One of the conceptual problems I have with the state of Type 1 diabetes treatment is that, as with many complex and uncured diseases, all we can do is try to lessen the effects of the symptoms of the disease. Unmodulated blood glucose– the hallmark of diabetes– is only an incidental result of the real problem: my body’s immune system has labeled the insulin-producing beta cells in my pancreas as dangerous, and has killed them off. Without these insulin-producing cells, my body can’t regulate blood glucose levels on its own.
The problem is, the immune system’s attack is hard to reverse and hard to untangle; the best solution we have so far is to inject insulin, and manually control my blood glucose levels so that elevated blood sugar doesn’t overtime lead to worse symptoms– organ death first, and, ultimately, just death.
Insulin treatment, then, is necessary, and it is a God-send for diabetics like me (have you read the story of the first use of insulin in the 1920s? Ridiculously Epic, with a capital E; why isn’t that a movie yet?) But, it’s not a solution, and it doesn’t address the root of the problem: the immune system.
So what is the immune system, anyway? And what does it have against my beta cells? These are the questions that I have been pondering and researching for the past week or so. I’ve only just dipped my toes in the vast body of scientific literature about the immune system, but here’s what I’ve determined so far:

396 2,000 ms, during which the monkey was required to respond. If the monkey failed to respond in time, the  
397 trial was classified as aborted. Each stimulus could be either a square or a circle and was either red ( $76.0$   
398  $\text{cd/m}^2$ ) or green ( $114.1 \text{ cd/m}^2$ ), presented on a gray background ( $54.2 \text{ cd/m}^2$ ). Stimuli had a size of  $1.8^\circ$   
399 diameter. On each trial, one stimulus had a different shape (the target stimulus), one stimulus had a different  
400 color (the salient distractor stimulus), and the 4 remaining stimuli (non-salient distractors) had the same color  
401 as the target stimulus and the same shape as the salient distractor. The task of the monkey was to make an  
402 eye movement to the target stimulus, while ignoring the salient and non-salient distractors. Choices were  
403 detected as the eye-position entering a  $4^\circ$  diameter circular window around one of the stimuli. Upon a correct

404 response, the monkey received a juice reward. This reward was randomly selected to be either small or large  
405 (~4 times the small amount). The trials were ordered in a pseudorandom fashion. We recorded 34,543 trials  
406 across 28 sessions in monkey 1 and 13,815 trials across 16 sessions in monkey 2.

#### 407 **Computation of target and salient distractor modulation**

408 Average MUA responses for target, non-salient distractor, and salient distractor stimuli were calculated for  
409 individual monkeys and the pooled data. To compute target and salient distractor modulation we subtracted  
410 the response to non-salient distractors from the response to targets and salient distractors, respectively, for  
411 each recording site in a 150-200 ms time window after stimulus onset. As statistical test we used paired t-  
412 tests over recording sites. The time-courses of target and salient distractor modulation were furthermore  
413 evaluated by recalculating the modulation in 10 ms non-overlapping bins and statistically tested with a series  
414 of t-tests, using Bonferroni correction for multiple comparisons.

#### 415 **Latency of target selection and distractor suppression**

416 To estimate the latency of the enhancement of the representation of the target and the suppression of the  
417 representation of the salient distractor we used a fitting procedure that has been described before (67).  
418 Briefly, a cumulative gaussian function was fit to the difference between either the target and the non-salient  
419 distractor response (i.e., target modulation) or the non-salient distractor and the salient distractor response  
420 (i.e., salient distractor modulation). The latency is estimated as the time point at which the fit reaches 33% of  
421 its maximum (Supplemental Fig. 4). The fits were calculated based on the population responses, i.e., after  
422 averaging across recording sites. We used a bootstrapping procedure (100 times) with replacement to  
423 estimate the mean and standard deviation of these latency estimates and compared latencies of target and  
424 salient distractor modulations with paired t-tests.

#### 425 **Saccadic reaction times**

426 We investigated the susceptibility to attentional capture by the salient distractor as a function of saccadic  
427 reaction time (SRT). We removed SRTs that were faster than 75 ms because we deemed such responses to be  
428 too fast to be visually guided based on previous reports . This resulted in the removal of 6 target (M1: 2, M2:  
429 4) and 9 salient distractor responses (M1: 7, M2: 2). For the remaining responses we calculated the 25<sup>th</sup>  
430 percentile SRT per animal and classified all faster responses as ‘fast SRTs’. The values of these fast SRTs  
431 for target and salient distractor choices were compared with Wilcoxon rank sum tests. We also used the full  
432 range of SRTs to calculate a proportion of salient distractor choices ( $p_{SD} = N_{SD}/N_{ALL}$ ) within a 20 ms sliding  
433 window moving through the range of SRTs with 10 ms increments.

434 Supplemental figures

The immune system is my body’s spam detector.
Basically, the immune system is a biological classification system. In the simplest terms, its job is to label entities found in the body as “pathogen” or “safe”– much like your email system labels email as “spam” or “eh, let it through.” The trick is, as with any good classification system, the world is not black and white to my immune system; every decision is a question of weights and probabilities, of likelihoods and comparisons. Is entity X a pathogen? Well, this molecular compound indicates maybe, but only if it co-occurs with another particular molecule that I don’t see here; let it by for now.
As with a spam detector, certain rules are innate, built in to my immune system. Any email with no subject and only a link is spam, no matter how many times I tell my spam detector it’s not. Likewise, certain bacterial mechanisms and molecular structures are known at birth by my immune system to be unwanted, and it doesn’t have to develop immunity over time.
Other rules, though, are learned; spammers are smart, and they keep changing to try to trick spam detectors. When all emails with “Viagra” and a link were marked as spam, spammers started sending “V1agra” and paragraphs of Old English text. Enough of those emails get labeled as “spam” by their recipients, and the spam detectors learn– both “Viagra” and “V1agra” are bad, and so is random text from old books. Similarly, my immune system might let certain pathogens through the first time around, but, seeing the ill-effects on other parts of the body, and seeing that the pathogen causes bad reactions, will train T-cells to look out for that particular pathogen, and to lie in wait if it ever comes back.
The problem is that sometimes classification systems get a bit overzealous and learn rules they shouldn’t. In spam detection, this means all my boss’s emails keep getting caught in the spam filter, and I miss important pieces of information. In immunology, this means I have an autoimmune disease, and my immune system keeps labeling my precious beta cells for destruction.